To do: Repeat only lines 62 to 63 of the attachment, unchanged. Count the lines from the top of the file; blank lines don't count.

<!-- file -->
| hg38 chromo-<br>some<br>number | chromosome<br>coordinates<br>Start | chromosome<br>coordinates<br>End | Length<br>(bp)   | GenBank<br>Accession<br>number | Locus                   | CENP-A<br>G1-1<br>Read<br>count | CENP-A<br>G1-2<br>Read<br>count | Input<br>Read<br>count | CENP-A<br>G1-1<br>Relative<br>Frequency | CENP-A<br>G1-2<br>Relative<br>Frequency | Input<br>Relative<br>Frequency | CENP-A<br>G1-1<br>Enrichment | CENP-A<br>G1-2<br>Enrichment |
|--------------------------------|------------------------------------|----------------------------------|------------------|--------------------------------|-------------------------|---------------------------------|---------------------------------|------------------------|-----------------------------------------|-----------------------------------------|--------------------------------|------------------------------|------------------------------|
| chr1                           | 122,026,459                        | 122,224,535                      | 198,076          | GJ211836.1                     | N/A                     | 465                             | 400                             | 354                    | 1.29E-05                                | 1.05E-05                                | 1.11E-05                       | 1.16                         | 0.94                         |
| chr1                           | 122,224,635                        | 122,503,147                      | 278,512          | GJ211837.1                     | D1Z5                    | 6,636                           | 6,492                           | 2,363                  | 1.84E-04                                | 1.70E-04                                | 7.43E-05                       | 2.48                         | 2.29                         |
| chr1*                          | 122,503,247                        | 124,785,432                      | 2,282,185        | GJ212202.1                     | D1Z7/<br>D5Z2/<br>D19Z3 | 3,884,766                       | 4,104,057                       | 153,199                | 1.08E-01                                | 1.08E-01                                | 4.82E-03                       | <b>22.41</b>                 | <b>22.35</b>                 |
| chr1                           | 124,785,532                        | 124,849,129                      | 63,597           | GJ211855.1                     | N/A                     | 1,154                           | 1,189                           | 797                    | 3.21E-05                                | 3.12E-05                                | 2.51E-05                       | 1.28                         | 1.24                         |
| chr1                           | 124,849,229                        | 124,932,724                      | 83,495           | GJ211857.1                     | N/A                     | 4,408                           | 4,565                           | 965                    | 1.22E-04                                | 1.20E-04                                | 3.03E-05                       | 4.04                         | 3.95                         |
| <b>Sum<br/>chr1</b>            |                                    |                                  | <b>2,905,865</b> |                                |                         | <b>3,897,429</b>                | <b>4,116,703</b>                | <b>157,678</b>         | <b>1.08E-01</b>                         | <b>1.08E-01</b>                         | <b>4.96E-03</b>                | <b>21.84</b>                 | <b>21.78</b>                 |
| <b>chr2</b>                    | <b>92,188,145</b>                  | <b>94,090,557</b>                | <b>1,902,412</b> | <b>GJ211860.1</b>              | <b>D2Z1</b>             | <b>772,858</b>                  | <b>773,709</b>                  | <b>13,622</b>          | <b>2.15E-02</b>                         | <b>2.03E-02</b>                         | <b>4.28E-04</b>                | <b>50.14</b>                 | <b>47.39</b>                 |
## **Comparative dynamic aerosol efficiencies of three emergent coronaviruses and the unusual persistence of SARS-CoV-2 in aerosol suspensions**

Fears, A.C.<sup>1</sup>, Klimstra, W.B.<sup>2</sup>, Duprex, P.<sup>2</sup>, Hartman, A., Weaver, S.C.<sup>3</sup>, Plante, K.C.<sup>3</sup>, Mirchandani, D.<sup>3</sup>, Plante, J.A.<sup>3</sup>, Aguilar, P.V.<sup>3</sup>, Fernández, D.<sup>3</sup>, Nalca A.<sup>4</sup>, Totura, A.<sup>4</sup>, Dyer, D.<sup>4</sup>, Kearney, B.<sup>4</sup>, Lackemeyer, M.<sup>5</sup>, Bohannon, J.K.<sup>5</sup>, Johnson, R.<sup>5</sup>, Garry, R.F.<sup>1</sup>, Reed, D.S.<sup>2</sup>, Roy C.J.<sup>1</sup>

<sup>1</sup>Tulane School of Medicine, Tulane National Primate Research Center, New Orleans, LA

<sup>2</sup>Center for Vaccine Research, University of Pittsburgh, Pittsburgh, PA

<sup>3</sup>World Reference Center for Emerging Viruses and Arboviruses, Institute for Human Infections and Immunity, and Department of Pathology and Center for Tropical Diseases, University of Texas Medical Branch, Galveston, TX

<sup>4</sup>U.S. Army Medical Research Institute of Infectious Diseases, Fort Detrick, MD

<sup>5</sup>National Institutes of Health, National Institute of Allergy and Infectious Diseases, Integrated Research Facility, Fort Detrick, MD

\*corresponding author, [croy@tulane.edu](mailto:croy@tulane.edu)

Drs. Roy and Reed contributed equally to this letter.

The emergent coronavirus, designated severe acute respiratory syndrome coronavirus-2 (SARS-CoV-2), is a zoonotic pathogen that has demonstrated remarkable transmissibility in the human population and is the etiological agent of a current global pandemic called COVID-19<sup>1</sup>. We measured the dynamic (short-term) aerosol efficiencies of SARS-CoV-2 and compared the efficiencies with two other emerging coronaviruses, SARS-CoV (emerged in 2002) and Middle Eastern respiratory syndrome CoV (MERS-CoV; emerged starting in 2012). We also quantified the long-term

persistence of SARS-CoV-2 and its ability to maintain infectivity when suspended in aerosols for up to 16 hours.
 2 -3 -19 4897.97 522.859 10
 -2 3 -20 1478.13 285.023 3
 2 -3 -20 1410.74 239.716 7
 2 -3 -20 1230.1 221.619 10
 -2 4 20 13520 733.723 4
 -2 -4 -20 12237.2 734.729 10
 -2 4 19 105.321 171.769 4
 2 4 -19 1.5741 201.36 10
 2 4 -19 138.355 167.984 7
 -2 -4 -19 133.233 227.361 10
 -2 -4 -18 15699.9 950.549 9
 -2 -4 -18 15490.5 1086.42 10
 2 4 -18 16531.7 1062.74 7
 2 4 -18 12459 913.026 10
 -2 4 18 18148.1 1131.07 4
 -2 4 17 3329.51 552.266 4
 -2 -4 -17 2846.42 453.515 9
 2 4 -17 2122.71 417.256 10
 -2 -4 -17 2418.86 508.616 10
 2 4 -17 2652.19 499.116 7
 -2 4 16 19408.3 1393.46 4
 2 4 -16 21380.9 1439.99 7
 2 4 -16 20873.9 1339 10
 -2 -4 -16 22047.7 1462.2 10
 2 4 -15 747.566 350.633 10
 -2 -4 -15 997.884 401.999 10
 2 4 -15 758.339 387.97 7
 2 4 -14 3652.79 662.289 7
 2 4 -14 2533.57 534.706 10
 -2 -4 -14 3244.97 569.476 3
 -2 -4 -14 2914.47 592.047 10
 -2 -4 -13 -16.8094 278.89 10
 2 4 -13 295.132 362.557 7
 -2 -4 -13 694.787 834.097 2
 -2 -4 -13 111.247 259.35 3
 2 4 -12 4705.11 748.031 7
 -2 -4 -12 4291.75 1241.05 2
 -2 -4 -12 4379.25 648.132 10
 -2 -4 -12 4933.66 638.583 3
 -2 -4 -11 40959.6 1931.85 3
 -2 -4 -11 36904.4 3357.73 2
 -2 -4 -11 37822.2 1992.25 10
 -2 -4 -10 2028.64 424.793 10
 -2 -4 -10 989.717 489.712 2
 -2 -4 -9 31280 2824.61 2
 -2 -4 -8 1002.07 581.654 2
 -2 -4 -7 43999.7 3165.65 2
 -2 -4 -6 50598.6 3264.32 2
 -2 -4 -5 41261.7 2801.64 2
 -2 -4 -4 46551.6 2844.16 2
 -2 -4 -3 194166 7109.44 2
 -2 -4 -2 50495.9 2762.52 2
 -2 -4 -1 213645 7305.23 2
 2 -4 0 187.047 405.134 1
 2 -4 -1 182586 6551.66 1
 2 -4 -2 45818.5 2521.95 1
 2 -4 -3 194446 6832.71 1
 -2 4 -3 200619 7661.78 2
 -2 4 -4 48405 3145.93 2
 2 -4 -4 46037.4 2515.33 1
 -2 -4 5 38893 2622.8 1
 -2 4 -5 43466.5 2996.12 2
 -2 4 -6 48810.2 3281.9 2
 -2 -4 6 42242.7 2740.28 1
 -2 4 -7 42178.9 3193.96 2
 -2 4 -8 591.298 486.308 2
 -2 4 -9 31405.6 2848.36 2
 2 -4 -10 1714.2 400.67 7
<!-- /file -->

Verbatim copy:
 -2 -4 -11 37822.2 1992.25 10
 -2 -4 -10 2028.64 424.793 10